Date of publication: 2017-07-09 03:20
In 6955, C. Vann Woodward published The Strange Career of Jim Crow. Woodward reflected the optimism following the previous year&rsquo s Brown decision by arguing that segregation was not as inherent to southern society as previously believed. He demonstrated that not until the 6895s did southern whites institute the rigid system of Jim Crow that segregated the races in all areas of public life. Woodward pointed out numerous instances during and after Reconstruction when blacks had access to public accommodations. Woodward&rsquo s research suggested that segregation might be eradicated through simple changes in public policies, reversing those that had created it in the not-so-distant past.
The challenge is to explain to students the reasons for and the legacy of segregation. Explaining segregation to students is a lot more difficult because of the progress made since the Civil Rights Movement. The symbols of the Jim Crow past &ldquo Whites Only&rdquo and &ldquo Colored Only&rdquo signs are found mainly in antiques stores, museums, photographs, and documentaries. Now that an African American has been elected president of the United States, segregation seems as outmoded and distant a practice as watching black and white television. Thus, the major challenge is to explain to students the reasons for and the legacy of segregation. This requires a series of questions.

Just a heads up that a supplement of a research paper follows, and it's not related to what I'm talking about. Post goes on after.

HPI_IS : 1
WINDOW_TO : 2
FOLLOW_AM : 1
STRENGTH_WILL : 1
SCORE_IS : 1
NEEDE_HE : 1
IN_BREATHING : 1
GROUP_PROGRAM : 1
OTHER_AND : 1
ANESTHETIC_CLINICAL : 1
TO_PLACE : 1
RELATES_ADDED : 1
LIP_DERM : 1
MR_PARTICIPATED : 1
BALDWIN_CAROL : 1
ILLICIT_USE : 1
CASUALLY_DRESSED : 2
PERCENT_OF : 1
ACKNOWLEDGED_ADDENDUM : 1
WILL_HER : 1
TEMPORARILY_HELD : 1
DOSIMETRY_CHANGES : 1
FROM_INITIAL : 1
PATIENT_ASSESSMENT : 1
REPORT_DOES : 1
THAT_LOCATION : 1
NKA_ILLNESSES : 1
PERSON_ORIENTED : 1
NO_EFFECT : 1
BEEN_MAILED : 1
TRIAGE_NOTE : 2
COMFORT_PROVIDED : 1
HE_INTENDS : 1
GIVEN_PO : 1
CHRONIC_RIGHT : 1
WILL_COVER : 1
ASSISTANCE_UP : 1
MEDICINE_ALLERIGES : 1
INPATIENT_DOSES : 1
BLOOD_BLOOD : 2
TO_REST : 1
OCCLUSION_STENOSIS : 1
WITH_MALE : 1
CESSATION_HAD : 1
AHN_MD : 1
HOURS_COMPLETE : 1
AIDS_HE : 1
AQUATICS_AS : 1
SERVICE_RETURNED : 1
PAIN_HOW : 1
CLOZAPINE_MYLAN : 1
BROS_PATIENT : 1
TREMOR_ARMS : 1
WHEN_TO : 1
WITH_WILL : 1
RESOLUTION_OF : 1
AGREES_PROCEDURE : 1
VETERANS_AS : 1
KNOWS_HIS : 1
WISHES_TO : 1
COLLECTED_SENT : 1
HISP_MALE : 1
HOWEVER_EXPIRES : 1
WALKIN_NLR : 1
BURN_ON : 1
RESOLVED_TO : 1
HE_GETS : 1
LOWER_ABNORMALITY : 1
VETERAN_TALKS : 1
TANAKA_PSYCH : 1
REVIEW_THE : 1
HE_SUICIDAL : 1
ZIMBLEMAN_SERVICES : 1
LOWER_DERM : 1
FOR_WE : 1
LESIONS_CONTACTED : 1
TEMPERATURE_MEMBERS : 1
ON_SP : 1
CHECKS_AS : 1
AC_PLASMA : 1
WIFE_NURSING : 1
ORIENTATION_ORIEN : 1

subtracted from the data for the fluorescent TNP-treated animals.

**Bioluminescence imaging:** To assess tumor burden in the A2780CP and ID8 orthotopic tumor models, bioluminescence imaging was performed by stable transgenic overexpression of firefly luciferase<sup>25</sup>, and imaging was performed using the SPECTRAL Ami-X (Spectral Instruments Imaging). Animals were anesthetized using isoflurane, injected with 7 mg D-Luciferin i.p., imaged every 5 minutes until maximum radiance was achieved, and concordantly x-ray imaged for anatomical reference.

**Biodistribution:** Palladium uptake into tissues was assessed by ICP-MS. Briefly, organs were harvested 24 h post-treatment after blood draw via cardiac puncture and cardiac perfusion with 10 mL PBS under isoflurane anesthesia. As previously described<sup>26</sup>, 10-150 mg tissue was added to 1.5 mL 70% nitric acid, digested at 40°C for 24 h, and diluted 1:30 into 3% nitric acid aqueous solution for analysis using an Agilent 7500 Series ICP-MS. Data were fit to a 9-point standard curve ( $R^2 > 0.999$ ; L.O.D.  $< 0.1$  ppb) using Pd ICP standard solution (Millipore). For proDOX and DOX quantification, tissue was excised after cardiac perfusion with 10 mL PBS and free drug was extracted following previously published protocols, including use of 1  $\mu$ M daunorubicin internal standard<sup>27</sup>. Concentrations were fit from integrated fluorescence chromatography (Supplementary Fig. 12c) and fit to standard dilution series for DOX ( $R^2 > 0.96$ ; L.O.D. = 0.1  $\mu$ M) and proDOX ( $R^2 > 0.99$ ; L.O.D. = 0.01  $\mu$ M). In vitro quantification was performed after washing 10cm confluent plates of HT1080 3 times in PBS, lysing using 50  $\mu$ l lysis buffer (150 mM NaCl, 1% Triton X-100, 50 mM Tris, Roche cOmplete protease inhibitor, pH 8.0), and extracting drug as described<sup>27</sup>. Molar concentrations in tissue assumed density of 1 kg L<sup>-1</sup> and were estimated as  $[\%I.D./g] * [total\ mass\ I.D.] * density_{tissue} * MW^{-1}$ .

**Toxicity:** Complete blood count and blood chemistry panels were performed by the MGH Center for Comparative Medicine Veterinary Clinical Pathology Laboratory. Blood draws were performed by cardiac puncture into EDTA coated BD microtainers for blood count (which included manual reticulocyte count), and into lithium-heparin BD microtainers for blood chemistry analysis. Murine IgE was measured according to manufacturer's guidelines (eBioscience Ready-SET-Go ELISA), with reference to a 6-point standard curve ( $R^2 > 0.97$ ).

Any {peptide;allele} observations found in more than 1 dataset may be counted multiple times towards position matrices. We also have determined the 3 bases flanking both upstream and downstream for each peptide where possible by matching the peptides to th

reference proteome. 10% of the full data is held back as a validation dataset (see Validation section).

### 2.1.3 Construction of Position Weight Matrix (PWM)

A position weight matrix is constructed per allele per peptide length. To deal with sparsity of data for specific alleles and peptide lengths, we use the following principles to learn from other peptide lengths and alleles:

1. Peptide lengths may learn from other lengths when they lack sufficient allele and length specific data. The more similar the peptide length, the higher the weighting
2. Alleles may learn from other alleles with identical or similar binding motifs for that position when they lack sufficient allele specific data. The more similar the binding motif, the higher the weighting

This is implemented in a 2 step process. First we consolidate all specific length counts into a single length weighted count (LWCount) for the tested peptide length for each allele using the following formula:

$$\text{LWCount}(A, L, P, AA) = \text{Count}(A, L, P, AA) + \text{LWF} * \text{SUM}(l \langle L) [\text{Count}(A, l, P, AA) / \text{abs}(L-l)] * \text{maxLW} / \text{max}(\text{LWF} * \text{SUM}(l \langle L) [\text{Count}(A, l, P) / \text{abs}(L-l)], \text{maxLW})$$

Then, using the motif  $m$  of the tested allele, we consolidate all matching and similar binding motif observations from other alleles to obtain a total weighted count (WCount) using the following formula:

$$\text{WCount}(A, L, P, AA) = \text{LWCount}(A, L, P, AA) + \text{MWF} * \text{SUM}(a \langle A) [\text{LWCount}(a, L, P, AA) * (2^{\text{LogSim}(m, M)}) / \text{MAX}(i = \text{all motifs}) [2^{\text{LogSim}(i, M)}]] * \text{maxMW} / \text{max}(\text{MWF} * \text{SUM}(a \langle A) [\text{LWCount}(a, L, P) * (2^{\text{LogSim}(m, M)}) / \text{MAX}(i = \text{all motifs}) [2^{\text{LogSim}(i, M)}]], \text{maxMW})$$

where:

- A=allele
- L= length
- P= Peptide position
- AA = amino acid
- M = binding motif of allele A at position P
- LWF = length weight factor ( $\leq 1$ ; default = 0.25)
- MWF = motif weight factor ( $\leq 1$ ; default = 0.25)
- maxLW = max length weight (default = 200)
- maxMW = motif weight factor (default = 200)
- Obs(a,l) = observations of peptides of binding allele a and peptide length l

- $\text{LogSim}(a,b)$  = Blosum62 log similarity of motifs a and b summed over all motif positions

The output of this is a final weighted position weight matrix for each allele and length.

To summarize, historians generally agree that de facto segregation both preceded and accompanied de jure segregation, but that racial interaction in public spheres was less rigid than it became after the 6895s. Whatever its form, however, Jim Crow was always separate and never equal it constituted a means for reinforcing black subordination and white supremacy. Whatever the exact beginning of segregation, southern whites shared a broad consensus for preserving it. It required a mass, black-led, Civil Rights Movement, combined with the power and renewed willingness of the national government, to overthrow Jim Crow.